Thread: BFTA & Kneelers
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Old 20th November 2013, 09:09 PM
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RobF RobF is offline
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Originally Posted by holly View Post
You will get it flat in the MUD Rob ??? HOLLY
I probably will. If it's deep enough so could anyone.

But I can assure you that the reason I put my foot flatter isn't to find support from the ground. It's to get my backside as low as possible for shots that require me to bring my arm off my leg. Rather than lift the gun up, by sinking down I can keep that front support good by lowering my backside instead. I actually don't want mud. What makes it harder is kneeling areas that fill that shape. I don't want it filled. I just want it lower.

It's not the same thing as wedging a bag under the gap to provide support. That's there for comfort to stop the ankle stretching under load. But you put the foot at the height of the target. And the bag fills the gap. It's not meant to be a support for the backside or shin.

Boots are the only solution to that support problem if nothing under the ankle is allowed. And when course builders work out no-one can go lower with their backside when their boots dont bend then you'll get kneelers higher than is comfortable to throw you out of position. Then we'll have demands for no high targets. And we can't have uphill shots. And we can't have lanes uphill or downhill slanting. So you'll have course builders stretching shooters and shooters trying to rein in the targets.

This isn't some abnormality though. A swimmer for instance with normal ankle flexibility should be able to kneel on a mat and sit back on the heels with the toes pointing backwards. The tops of the feet and the lower legs should form straight lines against the mat. If this is painful or cannot be held for 30 seconds, ankle flexibility is deficient. For swimmers ankle flex is important in making the leg stroke more efficient. It's something they train to get better at with proper physio led training and coaching.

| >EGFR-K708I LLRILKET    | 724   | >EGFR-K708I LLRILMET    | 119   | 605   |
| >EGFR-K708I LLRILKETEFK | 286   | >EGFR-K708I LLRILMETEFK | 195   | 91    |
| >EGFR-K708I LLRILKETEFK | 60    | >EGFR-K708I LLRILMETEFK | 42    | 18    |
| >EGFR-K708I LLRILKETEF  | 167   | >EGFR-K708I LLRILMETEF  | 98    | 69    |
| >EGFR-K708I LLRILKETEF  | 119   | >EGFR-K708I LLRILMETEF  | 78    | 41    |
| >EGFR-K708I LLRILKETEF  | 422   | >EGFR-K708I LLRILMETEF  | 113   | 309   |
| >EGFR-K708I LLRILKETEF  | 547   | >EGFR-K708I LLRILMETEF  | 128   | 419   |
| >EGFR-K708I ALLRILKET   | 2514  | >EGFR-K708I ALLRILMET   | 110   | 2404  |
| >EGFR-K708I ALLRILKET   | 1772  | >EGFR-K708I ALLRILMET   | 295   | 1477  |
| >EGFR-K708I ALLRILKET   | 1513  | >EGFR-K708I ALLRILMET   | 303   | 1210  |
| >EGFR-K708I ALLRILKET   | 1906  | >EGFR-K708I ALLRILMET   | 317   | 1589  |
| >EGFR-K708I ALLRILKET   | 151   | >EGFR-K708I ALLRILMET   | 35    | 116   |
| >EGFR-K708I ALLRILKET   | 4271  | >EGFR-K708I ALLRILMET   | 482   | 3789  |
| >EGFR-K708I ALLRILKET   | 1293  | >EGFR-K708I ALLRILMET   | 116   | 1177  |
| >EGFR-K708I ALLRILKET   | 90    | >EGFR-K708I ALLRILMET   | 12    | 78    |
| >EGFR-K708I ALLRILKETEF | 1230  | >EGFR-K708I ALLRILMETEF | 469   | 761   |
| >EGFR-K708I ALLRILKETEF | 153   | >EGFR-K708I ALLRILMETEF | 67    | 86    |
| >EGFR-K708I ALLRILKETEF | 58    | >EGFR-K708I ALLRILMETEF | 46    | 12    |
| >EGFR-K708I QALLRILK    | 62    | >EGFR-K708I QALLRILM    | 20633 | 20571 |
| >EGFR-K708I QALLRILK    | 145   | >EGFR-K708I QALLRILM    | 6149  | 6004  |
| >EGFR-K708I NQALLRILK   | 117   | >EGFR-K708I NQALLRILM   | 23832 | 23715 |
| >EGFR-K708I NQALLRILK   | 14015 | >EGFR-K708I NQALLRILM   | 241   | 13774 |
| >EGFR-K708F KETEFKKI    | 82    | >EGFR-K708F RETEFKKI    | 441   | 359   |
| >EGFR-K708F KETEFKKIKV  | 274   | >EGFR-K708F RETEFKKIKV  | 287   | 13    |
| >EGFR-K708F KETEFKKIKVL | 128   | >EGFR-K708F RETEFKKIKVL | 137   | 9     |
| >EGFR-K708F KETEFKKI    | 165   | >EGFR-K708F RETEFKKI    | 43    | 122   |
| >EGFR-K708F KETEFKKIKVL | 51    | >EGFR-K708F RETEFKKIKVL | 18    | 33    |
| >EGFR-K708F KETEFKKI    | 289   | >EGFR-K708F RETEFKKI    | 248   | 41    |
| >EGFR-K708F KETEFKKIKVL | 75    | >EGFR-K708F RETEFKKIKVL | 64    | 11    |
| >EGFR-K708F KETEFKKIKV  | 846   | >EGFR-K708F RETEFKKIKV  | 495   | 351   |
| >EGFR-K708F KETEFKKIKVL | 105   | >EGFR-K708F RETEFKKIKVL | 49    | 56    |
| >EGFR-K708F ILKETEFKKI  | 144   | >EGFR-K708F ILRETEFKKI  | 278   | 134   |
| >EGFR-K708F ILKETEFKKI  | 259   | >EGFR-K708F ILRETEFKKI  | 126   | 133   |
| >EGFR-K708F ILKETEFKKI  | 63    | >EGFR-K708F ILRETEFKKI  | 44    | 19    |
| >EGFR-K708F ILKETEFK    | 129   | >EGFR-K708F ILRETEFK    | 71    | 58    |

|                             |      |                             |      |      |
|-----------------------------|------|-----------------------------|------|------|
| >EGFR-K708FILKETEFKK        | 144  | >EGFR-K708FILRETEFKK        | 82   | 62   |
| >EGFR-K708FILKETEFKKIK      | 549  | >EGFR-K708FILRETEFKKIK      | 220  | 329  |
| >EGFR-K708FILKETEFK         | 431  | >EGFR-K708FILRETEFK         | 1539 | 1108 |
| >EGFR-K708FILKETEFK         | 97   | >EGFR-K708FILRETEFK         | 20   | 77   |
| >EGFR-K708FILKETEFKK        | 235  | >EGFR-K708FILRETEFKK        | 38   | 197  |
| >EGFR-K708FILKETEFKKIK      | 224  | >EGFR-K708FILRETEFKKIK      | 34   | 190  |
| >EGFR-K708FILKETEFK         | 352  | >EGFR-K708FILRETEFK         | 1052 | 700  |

The movement your referring to is called Plantar flexion. Normal movement from the upper angle (ie when your standing on your foot like normal) to pointing toes down is around 45 degrees.

If you read down there it says that the normal range of movement when walking is 20 degrees.

Further down it has break downs for Non Athletic, to gymnast for the range of movement. Non Athletics were sampling at 37 degrees and gymnasts 55 degrees. So average was found to be 40 degrees.

Now I'm not advocating that people go out and do something painful and injure themselves in the same way I wouldn't advise a larger than average FT shooter to go and do a decent run. But the fact is the human body is capable of things that others can't do yet we aren't talking the realms of hyper flexible gymnastics to get into a low kneeling position.

Now, do we want to learn and train to shoot better, or do we want to change the rules so we don't have to?
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